It also likely explains the many other, less successful attempts on European trains, such as the 2006 plot to bomb trains at the Cologne station; an attempt to blow up the main train station in Bonn in 2006; a suspected plot disrupted last New Year's Eve to send suicide bombers onto trains in Munich; and the foiled attack by Ayoub el Khassini, who opened fire on a Thalys train in August 2015. In the latter instance, three American tourists – two of whom were in the military - ultimately overpowered and subdued the Moroccan-born Belgian resident, who had boarded the train armed with a Kalashnikov, pistol, hammer, bottle of petrol, nearly 300 rounds of ammunition, and other weapons.
Yet, counterterrorism and national security officials in the U.S. as well as Europe admit there is little they can do. As Time notes, in Europe, "some of the trains linking major cities stop at countless small towns along the way," and the cost of installing metal detectors and setting up TSA-style inspections at all of these stations would be prohibitive. As Christophe Piednoel, a spokesman for the French SNCF railway told Liberation, "Stations are public places....We cannot ask the French to wait one hour before boarding a train. Moreover, 15,000 trains cross France every day, and traverse 3000 stations."
The same is true in the U.S., where some say Amtrak, which carries over 30 million passengers a year through 46 states and parts of Canada, is a prime target. Tracks pass through tunnels, across bridges, in and out of remote villages and major cities. As Burke also told WCVB, "The passenger rail system is designed to be open. It's specifically put in densely populated areas. [It's] a system that is vulnerable really from the beginning of its trip to the end of its trip."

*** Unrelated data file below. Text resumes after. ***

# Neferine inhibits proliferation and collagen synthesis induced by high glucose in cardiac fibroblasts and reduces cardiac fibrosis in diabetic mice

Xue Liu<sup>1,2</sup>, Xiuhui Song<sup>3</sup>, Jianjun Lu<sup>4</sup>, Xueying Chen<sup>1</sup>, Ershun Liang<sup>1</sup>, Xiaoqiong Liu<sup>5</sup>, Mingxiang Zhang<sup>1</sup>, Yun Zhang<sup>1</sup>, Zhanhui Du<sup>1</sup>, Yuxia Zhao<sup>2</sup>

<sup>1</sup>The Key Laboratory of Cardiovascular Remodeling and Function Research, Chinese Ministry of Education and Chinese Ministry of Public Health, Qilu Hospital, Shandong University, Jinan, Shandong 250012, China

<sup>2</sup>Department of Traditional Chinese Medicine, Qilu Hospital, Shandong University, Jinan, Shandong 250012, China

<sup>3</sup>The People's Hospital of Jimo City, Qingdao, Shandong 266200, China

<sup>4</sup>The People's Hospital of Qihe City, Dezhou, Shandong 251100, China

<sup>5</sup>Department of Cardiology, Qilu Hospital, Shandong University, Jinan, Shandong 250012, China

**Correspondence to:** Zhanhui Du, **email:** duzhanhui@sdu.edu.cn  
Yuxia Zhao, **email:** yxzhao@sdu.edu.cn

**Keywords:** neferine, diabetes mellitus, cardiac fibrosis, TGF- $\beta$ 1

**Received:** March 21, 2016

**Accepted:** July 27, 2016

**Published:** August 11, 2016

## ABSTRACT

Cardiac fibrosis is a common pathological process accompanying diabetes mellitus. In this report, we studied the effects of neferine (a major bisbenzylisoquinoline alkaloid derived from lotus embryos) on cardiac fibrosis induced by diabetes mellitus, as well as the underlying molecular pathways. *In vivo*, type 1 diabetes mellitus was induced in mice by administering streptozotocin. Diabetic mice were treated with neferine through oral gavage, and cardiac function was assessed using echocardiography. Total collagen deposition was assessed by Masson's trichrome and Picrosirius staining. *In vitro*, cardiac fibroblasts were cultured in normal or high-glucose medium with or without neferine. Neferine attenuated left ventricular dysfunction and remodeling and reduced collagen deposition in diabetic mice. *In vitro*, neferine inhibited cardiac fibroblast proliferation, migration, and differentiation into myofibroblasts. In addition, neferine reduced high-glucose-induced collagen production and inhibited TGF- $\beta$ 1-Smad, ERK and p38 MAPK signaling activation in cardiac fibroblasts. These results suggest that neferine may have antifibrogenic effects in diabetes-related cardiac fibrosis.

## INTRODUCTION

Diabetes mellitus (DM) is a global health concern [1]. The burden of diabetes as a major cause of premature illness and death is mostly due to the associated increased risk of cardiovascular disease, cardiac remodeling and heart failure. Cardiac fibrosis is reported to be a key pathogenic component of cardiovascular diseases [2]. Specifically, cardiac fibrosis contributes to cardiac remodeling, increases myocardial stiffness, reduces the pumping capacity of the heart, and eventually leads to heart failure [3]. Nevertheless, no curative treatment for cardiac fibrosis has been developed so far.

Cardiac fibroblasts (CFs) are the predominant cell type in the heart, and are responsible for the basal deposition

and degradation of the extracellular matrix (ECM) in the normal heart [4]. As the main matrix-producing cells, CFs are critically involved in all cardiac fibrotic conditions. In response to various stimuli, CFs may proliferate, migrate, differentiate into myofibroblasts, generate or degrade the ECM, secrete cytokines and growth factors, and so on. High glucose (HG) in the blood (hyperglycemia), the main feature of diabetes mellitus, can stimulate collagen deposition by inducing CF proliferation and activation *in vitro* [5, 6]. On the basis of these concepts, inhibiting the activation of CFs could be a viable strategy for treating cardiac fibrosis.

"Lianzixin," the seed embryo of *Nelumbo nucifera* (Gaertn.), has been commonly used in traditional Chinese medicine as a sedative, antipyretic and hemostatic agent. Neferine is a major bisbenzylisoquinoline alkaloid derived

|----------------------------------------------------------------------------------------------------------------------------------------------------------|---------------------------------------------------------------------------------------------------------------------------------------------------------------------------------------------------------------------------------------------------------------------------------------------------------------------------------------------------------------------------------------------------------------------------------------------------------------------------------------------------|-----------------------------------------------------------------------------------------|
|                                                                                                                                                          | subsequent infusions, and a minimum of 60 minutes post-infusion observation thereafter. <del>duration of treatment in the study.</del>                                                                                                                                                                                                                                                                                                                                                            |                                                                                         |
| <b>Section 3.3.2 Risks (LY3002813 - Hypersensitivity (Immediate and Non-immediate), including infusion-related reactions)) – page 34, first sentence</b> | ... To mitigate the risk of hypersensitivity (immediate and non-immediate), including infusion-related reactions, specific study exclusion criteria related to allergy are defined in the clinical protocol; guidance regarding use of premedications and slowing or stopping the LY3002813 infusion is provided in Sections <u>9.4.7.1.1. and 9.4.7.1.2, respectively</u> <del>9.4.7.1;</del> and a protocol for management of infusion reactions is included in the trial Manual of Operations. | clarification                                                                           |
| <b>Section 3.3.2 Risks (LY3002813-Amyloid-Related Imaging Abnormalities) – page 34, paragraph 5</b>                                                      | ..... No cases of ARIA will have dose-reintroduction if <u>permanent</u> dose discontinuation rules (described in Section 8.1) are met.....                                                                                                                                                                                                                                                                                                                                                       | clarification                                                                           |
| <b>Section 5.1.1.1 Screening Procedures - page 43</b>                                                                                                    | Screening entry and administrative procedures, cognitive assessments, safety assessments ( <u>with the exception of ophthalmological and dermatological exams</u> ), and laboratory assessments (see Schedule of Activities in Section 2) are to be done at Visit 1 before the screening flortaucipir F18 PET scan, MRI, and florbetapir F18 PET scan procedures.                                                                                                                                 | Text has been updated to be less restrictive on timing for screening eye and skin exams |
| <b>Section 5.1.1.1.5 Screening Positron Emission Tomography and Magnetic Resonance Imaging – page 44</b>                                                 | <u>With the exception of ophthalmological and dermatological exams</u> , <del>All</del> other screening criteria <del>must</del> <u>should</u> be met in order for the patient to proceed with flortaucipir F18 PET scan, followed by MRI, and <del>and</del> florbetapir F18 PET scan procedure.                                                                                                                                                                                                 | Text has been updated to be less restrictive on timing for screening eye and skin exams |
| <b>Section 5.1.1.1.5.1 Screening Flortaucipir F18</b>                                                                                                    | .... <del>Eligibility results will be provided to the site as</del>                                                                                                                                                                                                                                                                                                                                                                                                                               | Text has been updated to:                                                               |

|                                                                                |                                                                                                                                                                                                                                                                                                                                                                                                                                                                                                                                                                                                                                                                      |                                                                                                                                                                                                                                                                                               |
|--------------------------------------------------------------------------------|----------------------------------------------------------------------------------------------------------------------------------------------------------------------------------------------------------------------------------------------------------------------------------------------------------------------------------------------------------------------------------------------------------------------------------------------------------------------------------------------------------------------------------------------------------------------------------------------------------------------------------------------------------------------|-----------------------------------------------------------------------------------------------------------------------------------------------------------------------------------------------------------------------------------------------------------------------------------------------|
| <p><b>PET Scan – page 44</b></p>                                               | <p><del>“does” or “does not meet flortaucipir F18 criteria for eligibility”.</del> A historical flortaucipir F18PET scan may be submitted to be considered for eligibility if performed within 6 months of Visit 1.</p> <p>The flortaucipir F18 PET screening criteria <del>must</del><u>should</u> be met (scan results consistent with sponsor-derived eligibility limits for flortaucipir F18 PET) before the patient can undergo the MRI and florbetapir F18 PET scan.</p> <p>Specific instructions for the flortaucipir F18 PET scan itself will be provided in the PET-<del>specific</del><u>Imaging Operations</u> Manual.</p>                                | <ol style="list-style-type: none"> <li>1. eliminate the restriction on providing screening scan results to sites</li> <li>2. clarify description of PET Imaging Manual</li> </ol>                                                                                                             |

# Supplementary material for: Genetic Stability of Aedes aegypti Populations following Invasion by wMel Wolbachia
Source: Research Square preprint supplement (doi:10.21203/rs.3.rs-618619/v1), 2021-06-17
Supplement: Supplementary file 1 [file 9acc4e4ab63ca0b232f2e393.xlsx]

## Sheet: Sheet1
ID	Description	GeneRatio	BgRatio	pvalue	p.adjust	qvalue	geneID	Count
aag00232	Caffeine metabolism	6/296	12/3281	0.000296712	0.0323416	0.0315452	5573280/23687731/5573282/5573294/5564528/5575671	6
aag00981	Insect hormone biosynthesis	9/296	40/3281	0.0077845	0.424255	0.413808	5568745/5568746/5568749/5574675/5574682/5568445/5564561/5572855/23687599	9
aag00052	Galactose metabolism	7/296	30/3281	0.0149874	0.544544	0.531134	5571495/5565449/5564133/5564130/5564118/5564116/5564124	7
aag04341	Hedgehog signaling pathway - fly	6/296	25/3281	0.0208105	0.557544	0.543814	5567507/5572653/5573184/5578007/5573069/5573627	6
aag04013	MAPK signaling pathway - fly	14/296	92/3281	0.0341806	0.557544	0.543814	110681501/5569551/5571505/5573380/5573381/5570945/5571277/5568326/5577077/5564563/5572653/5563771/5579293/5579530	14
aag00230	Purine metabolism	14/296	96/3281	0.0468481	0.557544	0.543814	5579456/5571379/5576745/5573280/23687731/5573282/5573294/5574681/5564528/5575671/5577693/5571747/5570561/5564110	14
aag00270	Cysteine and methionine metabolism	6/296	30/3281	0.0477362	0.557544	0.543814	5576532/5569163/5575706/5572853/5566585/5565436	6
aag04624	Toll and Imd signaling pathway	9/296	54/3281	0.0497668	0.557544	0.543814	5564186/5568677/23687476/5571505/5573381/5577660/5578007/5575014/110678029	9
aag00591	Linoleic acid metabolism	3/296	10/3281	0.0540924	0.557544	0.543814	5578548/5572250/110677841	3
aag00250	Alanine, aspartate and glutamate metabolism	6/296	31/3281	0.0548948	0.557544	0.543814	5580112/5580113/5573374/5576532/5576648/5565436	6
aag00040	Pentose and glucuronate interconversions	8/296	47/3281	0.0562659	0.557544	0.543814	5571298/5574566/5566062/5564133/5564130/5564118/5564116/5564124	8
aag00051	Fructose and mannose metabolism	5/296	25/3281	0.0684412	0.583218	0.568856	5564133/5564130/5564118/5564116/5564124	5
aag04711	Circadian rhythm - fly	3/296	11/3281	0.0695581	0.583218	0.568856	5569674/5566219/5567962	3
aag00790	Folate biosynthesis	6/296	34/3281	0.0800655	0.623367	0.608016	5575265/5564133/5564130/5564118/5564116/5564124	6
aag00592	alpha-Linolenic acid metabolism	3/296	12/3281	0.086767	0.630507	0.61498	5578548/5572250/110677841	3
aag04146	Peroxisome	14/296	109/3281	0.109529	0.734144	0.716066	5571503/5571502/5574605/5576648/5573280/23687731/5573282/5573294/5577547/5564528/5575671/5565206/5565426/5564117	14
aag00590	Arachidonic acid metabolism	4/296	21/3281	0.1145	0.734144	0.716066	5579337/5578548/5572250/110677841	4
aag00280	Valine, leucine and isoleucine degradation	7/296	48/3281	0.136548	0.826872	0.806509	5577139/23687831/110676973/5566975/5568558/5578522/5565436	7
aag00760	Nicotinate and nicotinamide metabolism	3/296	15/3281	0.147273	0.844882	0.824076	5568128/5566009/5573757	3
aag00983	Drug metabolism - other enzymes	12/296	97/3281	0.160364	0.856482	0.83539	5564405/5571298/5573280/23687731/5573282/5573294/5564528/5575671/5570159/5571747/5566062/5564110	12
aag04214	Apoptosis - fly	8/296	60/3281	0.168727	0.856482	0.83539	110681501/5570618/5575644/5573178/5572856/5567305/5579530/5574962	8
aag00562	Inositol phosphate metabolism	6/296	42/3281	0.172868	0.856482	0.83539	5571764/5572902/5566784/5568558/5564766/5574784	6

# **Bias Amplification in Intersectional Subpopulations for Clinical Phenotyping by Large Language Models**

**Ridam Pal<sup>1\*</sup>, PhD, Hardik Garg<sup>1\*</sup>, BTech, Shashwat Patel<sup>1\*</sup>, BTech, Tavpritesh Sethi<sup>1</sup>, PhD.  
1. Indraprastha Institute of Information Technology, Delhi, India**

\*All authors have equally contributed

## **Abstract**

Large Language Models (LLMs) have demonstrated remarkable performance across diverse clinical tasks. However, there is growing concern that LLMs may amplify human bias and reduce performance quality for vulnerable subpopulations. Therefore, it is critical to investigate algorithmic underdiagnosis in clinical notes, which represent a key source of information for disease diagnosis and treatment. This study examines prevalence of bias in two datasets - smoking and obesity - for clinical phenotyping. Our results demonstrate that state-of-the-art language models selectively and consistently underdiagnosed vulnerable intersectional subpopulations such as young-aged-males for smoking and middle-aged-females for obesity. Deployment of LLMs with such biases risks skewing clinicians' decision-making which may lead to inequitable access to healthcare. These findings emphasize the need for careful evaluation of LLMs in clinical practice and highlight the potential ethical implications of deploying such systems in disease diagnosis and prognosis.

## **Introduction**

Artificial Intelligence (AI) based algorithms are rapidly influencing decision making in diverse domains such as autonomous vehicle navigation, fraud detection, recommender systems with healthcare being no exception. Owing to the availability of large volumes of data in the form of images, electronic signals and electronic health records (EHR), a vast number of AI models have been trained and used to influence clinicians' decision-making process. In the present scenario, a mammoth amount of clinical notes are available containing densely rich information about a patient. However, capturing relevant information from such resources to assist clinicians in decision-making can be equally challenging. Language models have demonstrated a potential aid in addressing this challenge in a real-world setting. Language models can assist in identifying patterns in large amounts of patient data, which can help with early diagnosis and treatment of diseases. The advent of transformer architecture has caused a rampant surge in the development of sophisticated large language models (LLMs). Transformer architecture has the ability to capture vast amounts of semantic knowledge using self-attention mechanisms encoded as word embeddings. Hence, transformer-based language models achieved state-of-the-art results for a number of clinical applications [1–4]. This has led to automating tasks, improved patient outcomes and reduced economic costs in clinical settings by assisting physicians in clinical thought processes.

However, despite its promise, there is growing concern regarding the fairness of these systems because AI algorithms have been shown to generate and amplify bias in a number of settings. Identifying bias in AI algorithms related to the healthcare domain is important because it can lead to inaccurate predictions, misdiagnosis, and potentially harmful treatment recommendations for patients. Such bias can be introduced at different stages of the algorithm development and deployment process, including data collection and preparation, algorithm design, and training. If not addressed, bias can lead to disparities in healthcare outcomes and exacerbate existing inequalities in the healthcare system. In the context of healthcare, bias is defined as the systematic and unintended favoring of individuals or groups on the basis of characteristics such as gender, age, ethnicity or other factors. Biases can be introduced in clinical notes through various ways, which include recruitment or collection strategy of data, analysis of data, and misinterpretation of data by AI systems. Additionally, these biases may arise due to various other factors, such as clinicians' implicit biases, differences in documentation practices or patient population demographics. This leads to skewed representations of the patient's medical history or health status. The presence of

Added to that is the threat of toxic, chemical freight, which is carried in pressurized tanks: the CFR report points out that "security along their route tends to be lax, and at times tanks sit unmonitored in rail yards for days at a time." Despite this fact, efforts to reroute such shipments have failed; not only are they costly, but impractical, since many of the shipments are themselves bound for populated areas, including major cities.
Despite this danger, the TSA all but overlooks train safety, budgeting just 2 percent of its spending on train and subway security, according to the New York Times. Even considering the practical complications and costs of adding metal detectors to all train stations and subway entrances in the country, this hardly seems like enough. New York subways are regularly patrolled by transit authority police who will perform random searches of bags, but with 5.6 million passengers riding the system daily, these measures scarcely seem adequate.
What is especially disturbing is that security officials, both in the U.S. and in many European countries, even seem aware of this: after the Paris attacks in November 2014, K-9 teams swept train stations across America. And after the Brussels metro attacks, train terminals saw a stepped up police and military presence in a number of major cities and even some smaller European towns. In New York and Washington, D.C., security was intensified not just on trains and subways, but also on bridges, tunnels, and even highways.
And then, suddenly, they were gone. It was as if the dangers in New York and Washington and Chicago were resolved, once the perpetrators of the attack in Brussels had been arrested or killed.
True, records show that TSA at airports have failed to stop a single terrorist attack (though they did find over 2,200 firearms, along with grenades, knives, and other weapons in 2015). At the same time, that may be because their presence discourages potential terrorists from attempting to strike on board a plane these days. There are, after all, easier options. Like trains.
Abigail R. Esman, the author, most recently, of Radical State: How Jihad Is Winning Over Democracy in the West (Praeger, 2010), is a freelance writer based in New York and the Netherlands.